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High-cost cancer treatments save lives but threaten drug benefits

In small town Alberta, four girls, ages five to 15, lose their mom to metastatic breast cancer. On the coast of Prince Edward Island, retired parents remortgage their house for the largest amount of money their bank will give them to pay for their 30-year-old daughter’s colon cancer treatments. A 26-year-old Vancouver man learns he has multiple myeloma just a few months after he gets his first real career job. He dies eight years later, after spending most of his adult life fighting the disease.

Globally, about 8.2 million people die of cancer each year. Almost half of these deaths are premature, taking people in the prime of their lives.

If it hasn’t happened to your family, it has happened to someone you know. Cancer is a deadly, devastating scourge: about two in five Canadians will develop the disease in our lifetime; one in four of us will die of it.

Each February 4, World Cancer Day aims to focus global attention on the need for research as well as on the importance of delivering the best cancer treatment and care possible.

Over the past 20 years, researchers have made huge strides in treatment. For example, two new drugs that help strengthen the immune system are producing remarkable results in the treatment of patients with some of the most dreaded forms of cancer. In trials, KEYTRUDA® extended the lives of many people with advanced melanoma by at least three years, and OPDIVO™ extended the lives of people with advanced lung cancer by two years. The side effects of these drugs are much less disabling than those of traditional chemotherapies, meaning that they significantly enhance quality of life as well as quantity of life.

But there is one side effect that can take a terrible toll on patients and their families and is especially concerning to drug plan sponsors: these medications are enormously costly, and put tremendous pressure on the sustainability of the drug benefit. Now available in Canada, Keytruda costs about $115,000 and Opdivo costs about $123,000 per year of treatment.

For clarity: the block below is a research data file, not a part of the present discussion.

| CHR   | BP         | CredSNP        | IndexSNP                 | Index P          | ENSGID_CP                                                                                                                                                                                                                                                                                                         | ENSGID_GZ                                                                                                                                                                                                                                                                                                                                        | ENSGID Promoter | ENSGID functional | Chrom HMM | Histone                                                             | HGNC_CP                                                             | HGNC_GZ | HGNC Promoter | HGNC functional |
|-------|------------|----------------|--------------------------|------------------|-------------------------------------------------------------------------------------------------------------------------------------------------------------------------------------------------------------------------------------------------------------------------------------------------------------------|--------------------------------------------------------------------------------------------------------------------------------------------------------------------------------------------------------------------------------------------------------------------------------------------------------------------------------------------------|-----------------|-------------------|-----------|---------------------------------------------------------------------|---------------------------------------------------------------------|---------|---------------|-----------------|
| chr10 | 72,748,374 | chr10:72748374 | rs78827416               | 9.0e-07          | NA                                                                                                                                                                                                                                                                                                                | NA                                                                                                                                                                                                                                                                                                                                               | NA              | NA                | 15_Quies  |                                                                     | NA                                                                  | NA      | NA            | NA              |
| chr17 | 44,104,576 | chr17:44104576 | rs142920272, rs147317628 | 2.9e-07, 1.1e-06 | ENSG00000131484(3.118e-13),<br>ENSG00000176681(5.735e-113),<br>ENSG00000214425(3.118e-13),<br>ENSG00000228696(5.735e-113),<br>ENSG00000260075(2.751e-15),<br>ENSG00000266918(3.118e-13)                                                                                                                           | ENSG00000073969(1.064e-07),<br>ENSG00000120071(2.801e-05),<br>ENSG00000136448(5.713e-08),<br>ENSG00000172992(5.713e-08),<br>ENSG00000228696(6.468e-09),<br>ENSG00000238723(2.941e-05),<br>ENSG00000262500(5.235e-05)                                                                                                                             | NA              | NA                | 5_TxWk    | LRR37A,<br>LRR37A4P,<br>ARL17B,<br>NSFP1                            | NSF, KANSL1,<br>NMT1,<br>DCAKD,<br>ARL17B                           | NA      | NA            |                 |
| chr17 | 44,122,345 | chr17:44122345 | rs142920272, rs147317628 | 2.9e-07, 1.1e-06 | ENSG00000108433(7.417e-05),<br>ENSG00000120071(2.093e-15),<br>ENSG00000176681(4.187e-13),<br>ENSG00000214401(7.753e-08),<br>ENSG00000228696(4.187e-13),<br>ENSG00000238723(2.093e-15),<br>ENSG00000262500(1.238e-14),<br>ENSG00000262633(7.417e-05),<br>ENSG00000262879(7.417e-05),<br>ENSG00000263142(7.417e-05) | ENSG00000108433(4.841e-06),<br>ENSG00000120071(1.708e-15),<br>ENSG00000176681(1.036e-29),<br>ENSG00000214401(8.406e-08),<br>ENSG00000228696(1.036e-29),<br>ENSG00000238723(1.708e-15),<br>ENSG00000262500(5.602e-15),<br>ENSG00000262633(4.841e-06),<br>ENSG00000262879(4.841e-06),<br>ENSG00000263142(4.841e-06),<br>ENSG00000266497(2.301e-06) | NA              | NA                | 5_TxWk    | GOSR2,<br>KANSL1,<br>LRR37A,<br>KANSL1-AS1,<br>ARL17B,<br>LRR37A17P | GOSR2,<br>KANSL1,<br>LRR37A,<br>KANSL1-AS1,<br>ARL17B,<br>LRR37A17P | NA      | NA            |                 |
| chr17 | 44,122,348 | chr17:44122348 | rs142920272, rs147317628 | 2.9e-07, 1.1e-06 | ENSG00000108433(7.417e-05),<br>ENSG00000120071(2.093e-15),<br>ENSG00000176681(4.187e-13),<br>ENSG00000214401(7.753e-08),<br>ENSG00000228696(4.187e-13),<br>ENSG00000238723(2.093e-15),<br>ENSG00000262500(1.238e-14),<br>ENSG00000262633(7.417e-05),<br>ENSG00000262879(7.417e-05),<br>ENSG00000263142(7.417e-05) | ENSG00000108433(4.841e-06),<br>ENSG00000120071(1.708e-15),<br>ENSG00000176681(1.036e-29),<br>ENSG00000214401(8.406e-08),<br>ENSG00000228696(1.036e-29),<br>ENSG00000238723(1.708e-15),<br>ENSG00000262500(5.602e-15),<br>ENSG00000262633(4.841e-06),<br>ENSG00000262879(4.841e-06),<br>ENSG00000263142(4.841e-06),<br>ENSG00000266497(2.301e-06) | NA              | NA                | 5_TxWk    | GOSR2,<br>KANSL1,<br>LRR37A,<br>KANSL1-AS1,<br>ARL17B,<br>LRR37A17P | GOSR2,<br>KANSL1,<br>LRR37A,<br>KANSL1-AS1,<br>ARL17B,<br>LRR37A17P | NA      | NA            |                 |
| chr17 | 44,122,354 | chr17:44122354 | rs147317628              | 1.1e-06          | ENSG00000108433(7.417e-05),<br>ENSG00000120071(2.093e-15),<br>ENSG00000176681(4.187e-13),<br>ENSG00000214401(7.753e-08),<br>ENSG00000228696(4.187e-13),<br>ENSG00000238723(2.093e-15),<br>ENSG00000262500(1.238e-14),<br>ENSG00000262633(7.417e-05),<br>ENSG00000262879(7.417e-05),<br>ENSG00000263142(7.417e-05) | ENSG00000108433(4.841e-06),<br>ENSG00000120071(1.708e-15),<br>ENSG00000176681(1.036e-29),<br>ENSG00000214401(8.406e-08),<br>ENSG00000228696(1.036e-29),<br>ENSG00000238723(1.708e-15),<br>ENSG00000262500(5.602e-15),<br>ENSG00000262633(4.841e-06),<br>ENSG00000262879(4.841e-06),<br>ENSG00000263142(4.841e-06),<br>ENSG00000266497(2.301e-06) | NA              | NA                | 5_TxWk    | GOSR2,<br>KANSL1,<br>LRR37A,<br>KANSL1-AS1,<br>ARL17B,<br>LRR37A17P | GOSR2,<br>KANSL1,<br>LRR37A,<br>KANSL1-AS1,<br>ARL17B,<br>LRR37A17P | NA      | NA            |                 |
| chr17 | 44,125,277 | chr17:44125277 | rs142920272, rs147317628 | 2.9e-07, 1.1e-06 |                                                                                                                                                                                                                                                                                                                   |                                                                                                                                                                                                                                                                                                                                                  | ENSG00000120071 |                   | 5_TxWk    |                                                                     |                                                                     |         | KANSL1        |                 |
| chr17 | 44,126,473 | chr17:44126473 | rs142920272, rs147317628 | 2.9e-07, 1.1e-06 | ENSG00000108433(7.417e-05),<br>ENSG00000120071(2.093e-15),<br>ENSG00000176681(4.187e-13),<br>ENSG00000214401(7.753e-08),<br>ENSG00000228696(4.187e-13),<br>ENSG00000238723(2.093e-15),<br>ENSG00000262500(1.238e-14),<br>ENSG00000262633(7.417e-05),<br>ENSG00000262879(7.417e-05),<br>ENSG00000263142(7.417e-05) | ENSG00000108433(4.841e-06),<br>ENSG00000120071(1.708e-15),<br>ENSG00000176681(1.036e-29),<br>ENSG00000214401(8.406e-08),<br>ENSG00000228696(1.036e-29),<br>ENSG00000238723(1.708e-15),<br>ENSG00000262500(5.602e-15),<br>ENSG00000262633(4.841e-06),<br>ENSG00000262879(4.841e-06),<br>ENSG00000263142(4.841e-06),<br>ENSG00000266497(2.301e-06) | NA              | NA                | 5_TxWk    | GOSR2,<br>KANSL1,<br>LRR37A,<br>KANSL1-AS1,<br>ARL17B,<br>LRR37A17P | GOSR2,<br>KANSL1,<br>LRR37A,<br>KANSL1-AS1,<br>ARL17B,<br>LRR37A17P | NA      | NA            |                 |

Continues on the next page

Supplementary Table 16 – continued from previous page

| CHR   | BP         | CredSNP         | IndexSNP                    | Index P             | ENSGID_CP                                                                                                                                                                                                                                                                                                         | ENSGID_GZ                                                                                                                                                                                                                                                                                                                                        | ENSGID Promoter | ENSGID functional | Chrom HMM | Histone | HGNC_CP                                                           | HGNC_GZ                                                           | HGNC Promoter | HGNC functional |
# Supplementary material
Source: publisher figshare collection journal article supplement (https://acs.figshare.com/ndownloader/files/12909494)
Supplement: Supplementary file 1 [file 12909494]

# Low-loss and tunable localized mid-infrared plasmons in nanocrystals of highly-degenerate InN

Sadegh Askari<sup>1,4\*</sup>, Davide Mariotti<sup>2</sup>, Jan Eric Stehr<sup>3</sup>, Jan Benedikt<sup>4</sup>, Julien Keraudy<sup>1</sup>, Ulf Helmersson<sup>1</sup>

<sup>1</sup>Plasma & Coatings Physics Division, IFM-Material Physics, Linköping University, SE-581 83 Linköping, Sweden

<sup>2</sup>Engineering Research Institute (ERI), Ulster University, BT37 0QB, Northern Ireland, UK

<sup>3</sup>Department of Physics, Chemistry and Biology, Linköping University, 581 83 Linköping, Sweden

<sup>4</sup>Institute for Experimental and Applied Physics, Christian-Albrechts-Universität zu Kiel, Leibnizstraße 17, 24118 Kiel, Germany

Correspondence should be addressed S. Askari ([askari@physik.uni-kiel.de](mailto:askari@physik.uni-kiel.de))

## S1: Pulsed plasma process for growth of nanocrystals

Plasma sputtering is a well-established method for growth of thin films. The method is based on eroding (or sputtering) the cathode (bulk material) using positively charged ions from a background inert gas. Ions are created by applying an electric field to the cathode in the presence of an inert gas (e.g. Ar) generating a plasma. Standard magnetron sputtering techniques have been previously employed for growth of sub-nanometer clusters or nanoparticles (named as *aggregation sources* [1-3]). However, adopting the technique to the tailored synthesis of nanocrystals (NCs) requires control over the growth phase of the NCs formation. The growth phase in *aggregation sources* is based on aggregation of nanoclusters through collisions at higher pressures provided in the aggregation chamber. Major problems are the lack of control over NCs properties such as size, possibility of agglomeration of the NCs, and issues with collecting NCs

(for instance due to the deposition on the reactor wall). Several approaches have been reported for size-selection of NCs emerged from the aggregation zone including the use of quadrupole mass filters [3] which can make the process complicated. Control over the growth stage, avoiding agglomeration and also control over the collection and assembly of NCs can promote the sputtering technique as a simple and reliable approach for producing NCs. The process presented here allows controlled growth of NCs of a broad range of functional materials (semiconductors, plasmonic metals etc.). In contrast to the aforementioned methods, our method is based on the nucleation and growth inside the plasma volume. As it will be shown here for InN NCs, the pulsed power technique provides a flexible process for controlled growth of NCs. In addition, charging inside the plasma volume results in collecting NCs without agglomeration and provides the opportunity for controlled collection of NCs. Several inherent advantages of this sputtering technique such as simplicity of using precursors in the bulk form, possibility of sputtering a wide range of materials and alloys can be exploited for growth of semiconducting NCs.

Read: Financial burdens for Canadians with chronic and complex diseases are treatable

Since their initial Health Canada approvals, both drugs have received additional approvals for the treatment of other kinds of cancers, another trend that is putting upward pressure on plan spending.

A continued shift from intravenous drugs to drugs that are taken orally or self-injected is also undermining plan sustainability. In some provinces, government health plans cover therapies administered in a hospital, and while self-administered drugs are potentially much more convenient, this means that the exorbitant cost burden shifts to patients and their employer-sponsored benefit plan.

    Read: High-cost drugs put valuable employee benefit at risk.

Approximately 72% of all cancer drugs in development are designed to be self-administered outside of hospital settings. (DTR15 Page 69)

According to the latest Express Scripts Canada Drug Trend Report, 58% of all drugs approved in 2015 were considered specialty drugs (drugs used to treat chronic, complex conditions and that are usually costly) and one in three new specialty drugs approved is for the treatment of cancer. (DTR15 Page 43)

In other words, these new high costs drugs are already a primary driver of benefit plan spending increases, and this trend will intensify. To protect the sustainability of the highly valued drug benefit, it is essential that plan sponsors take action now to optimize benefits and patient health outcomes.

For more information on management solutions, see A strategic approach to safeguarding prescription drug benefits

Express Scripts Canada